I understand why people would give this a low score due to its complete incomprehensibiliy if you're not reading the manga alongside it - and as we already have a review stating this, I'm going to be taking the opposite viewpoint.
This collage of scenes from from the manga should be taken as just that, a mix of different points in the overarching story that, in this context, make no real sense. But when the manga is being read alongside them they become something different.
Like cutscenes in a videogame, they succeed in complementing the manga by adding action and colour to previously inert images - and in doing so also succeed in clarifying what a few of the unclear panels in the manga were trying to say. These "Logs" have another purpose too, in emphasising the tone of the story: dark, grim, dystopian, and all-together terrifying in its own right; through the use of suitable music and disconcerting, but varied and interesting, colour schemes.
So my final recommendation is this; if you're reading the manga, watch this after getting to around volume four or so - otherwise, skip it. You won't be able to get anything out of this unless you've had prior experience with the material.
Honestly, I felt a bit like Towelie as I watched Blame! (man I have no idea what’s goin’ on.) Seriously though, at first I got worried that the lack of story had something to do with me – maybe I just missed something; I mean, it was kind of late when I watched this series. The truth is, Blame! seems to choose some buzzwords (e.g. megastructure,) and string them together, so that we can all pretend that a plot exists. Unlike other cyberpunk anime which sometimes leave gaps early on and fill them in periodically throughout the series, Blame! leaves its gaps wide open even in the end. Blame! takes place in space, or that’s what it seems to me, and follows Cibo and Killy on their mission to save the Netspere (see, I wasn’t lying about these buzzwords.)
Despite the lack of story, which is generally the most important aspect for me, I obviously stuck this one out, and for two main reasons. First, Blame! is a whopping 37 minutes long, so once I started it, I figured it wouldn’t kill me to finish it. Second and more importantly, Blame! struck me as (for lack of a better term) avant-garde, and the music and animation alone made the series bearable.
Why the possibly generous 1.5? Blame! is based on its manga, and my guess is that anyone who reads the corresponding manga will have a much better perception of the plot, and they may actually have a better chance at piecing things together than those of us who do not read manga. Also, if explosions count as plot, I guess you could up the rating to a 2.
While the animation itself is not overly sophisticated, it (along with the sound) prevents Blame! from being a complete disaster. If a crazy kid splattering paint could make an anime, I’m pretty sure this is how it would turn out, but I don’t mean that in a bad way. Blame! is an explosion of color, vibrant and varying hues, and each episode tends to have one or two main colors throughout. The colors seem to assist in making up for lack of plot – I don’t really know what’s going on, but I seem to understand what purple feels like, and red for that matter. Mix in some grayscale scenes, and Blame! somehow draws on all sorts of moods, despite not being able to say it in words. There is nothing like a bright green explosion suddenly emerging from the contrasting purple walls, and Blame! exploits the concept of contrasting color over and over, and it never gets old.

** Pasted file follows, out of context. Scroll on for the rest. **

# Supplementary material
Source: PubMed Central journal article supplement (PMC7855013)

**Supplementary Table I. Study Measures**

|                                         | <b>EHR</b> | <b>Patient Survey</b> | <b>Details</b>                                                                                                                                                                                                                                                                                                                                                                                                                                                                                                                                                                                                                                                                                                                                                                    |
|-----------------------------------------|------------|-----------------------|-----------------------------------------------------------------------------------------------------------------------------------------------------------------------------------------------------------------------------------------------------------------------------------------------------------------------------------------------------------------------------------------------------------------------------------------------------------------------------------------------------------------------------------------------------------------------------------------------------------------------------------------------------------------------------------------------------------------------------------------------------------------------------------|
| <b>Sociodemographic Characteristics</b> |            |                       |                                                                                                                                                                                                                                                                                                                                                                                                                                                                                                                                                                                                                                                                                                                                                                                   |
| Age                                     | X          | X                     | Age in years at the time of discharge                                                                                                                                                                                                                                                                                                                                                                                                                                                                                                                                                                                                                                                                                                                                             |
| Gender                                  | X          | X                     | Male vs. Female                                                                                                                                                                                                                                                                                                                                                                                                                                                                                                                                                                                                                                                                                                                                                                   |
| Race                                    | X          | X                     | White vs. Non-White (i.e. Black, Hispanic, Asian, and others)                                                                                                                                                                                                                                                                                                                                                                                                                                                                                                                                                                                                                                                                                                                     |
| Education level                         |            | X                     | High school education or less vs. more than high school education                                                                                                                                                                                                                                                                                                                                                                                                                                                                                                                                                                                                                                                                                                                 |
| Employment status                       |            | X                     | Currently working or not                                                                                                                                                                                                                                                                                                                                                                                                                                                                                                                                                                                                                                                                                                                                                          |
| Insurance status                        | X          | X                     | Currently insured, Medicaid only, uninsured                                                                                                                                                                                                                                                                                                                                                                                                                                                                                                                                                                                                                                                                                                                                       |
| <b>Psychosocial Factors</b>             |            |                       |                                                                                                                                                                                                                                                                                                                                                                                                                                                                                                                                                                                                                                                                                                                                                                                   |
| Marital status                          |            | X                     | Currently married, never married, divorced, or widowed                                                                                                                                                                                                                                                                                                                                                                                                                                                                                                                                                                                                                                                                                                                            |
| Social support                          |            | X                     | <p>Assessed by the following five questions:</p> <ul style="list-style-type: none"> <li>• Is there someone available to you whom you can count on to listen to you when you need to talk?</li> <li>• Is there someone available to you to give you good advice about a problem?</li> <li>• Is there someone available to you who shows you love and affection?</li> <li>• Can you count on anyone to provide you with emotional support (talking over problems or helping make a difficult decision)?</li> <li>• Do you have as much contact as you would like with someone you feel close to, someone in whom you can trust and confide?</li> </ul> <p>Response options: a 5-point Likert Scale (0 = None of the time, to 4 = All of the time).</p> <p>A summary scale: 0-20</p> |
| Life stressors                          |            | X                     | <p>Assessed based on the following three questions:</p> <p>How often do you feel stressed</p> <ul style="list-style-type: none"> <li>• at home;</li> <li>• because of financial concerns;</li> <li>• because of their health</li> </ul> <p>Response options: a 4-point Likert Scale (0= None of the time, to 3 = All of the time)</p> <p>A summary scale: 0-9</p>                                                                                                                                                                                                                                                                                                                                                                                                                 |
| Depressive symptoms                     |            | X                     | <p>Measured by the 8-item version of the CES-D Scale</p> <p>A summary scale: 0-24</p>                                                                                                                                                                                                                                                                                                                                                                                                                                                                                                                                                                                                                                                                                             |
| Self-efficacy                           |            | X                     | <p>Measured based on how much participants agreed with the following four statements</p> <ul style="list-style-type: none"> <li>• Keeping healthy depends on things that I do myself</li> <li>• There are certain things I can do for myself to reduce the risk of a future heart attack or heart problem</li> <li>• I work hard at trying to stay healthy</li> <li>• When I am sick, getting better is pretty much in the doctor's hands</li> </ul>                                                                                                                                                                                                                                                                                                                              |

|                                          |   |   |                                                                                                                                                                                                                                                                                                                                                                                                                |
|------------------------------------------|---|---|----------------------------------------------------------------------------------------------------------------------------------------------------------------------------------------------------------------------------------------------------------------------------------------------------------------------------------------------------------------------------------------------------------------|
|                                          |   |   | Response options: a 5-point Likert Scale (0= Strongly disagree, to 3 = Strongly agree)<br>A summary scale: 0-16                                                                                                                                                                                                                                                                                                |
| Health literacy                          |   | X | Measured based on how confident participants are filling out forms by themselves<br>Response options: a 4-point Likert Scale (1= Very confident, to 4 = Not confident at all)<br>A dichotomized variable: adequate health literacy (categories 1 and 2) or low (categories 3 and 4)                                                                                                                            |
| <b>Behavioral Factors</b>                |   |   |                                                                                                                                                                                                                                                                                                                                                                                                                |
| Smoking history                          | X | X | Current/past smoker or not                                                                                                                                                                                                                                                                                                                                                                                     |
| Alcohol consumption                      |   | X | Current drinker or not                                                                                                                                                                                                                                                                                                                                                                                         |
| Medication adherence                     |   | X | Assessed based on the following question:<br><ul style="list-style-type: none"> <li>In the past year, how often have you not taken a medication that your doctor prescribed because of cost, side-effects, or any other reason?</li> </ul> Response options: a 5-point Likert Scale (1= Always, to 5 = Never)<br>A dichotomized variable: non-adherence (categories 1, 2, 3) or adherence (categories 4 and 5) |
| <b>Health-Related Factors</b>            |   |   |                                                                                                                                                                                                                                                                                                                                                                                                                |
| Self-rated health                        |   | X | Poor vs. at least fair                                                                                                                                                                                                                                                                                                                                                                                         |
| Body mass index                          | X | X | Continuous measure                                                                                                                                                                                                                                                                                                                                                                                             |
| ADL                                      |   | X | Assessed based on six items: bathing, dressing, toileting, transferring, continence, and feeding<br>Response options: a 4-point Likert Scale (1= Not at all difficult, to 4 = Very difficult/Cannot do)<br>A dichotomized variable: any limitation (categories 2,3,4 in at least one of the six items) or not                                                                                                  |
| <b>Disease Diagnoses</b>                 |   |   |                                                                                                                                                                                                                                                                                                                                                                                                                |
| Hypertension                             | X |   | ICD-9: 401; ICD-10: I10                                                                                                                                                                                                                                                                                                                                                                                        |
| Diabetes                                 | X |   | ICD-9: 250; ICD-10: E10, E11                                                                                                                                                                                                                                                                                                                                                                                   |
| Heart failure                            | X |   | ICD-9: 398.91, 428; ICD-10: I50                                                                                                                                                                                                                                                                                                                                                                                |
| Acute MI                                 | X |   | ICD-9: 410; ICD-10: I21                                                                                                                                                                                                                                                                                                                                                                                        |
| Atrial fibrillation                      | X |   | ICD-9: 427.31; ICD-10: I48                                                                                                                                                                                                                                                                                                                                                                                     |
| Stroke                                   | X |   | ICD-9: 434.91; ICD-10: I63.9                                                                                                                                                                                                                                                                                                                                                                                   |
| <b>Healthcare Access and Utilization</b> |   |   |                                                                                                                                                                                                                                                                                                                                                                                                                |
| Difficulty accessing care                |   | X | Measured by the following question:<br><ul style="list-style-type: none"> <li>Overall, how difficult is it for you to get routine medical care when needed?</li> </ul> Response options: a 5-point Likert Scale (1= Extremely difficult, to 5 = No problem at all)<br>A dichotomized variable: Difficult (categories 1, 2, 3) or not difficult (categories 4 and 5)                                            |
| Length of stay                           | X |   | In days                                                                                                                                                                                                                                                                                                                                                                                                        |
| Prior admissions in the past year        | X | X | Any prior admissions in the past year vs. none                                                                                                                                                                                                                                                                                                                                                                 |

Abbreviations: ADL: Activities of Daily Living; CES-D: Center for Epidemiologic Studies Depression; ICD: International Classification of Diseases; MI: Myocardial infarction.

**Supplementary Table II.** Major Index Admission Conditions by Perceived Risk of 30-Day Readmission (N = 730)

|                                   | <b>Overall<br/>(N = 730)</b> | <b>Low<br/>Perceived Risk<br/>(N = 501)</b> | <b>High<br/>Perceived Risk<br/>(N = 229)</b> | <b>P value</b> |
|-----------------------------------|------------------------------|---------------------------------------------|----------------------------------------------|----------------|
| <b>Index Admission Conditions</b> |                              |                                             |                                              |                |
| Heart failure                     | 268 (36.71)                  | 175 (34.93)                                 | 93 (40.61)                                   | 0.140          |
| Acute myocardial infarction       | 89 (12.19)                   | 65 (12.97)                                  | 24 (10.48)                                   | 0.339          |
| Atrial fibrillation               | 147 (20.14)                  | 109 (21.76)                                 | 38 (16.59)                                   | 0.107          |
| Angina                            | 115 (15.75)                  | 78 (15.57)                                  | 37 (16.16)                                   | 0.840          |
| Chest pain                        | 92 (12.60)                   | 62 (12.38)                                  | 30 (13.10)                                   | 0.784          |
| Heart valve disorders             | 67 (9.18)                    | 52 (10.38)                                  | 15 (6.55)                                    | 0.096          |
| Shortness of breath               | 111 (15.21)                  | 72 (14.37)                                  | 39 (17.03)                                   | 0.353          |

Despite missing the mark with the plot, the background music in Blame! provides as much contrast and beauty as its animation. Rather than sticking with a single instrumentation or musical style, Blame! wanders all over the place, using different instruments and styles in each episode. Whoever thought to use a trumpet played in a struggling manner is nothing short of a genius; don’t worry, though, not all the music is as painful as that heard in the first episode. The soundtrack of Blame! is as important for setting the mood as the varying color schemes, and the two together basically encompass every meaningful aspect of the series.
Non-existent plot does not necessarily imply non-existent character development, but Blame! gives the gift of both (thank you for your generosity.) Cibo is, uh, this girl, and Killy is, um, this guy; they roam around and then a creepy-looking white guy known as a (buzzword alert) Silicon Creature attacks them. The dialogue is scarce; it does not really add or detract from the series, but as with the plot, do not expect much from characters in Blame!.
If you are looking for plot, don’t bother with Blame!, but if you want to experience something different, something that evokes emotion and confusion rather than understanding, look no further. Music fans (and I don’t mean the kind of music you hear on mainstream radio) should definitely check this series out, if for nothing more than its soundtrack. Given its short duration, perhaps the lack of plot and the choice to focus on visuals and sound work well for this series. As I mentioned earlier, Blame! is best characterized as avant-garde, and viewed as such, it should be easier to appreciate.
I normally like to introduce the anime just a bit and give some background on why my review is the way it is. Unfortunately, that can't happen for this one.
I know what some people will say, that you can't have -1/10 (it wouldn't let me do this, hence the 0.1/10) . However, for this show, you seriously can. In terms of story, these 6 episodes offer in terms of time about 14 minutes in total. The entire first episode has no dialogue and from there what "story" is shown is disjointed and simply not even worth the time that was spent making the thing. Honestly, there are better shows out there in terms of story...in fact I'd put my foot in it and say that EVERY anime out there has a better story than this one.
The futuristic landscapes are intersting, but that still doesn't get over the fact that on all 6 episodes, have of them is spent on the credits. It does make you wonder if the series is about the credits rather than the actual storyline/animation. However, the only reason why BLAME! gets 1/10 for this, is simply because it has animation.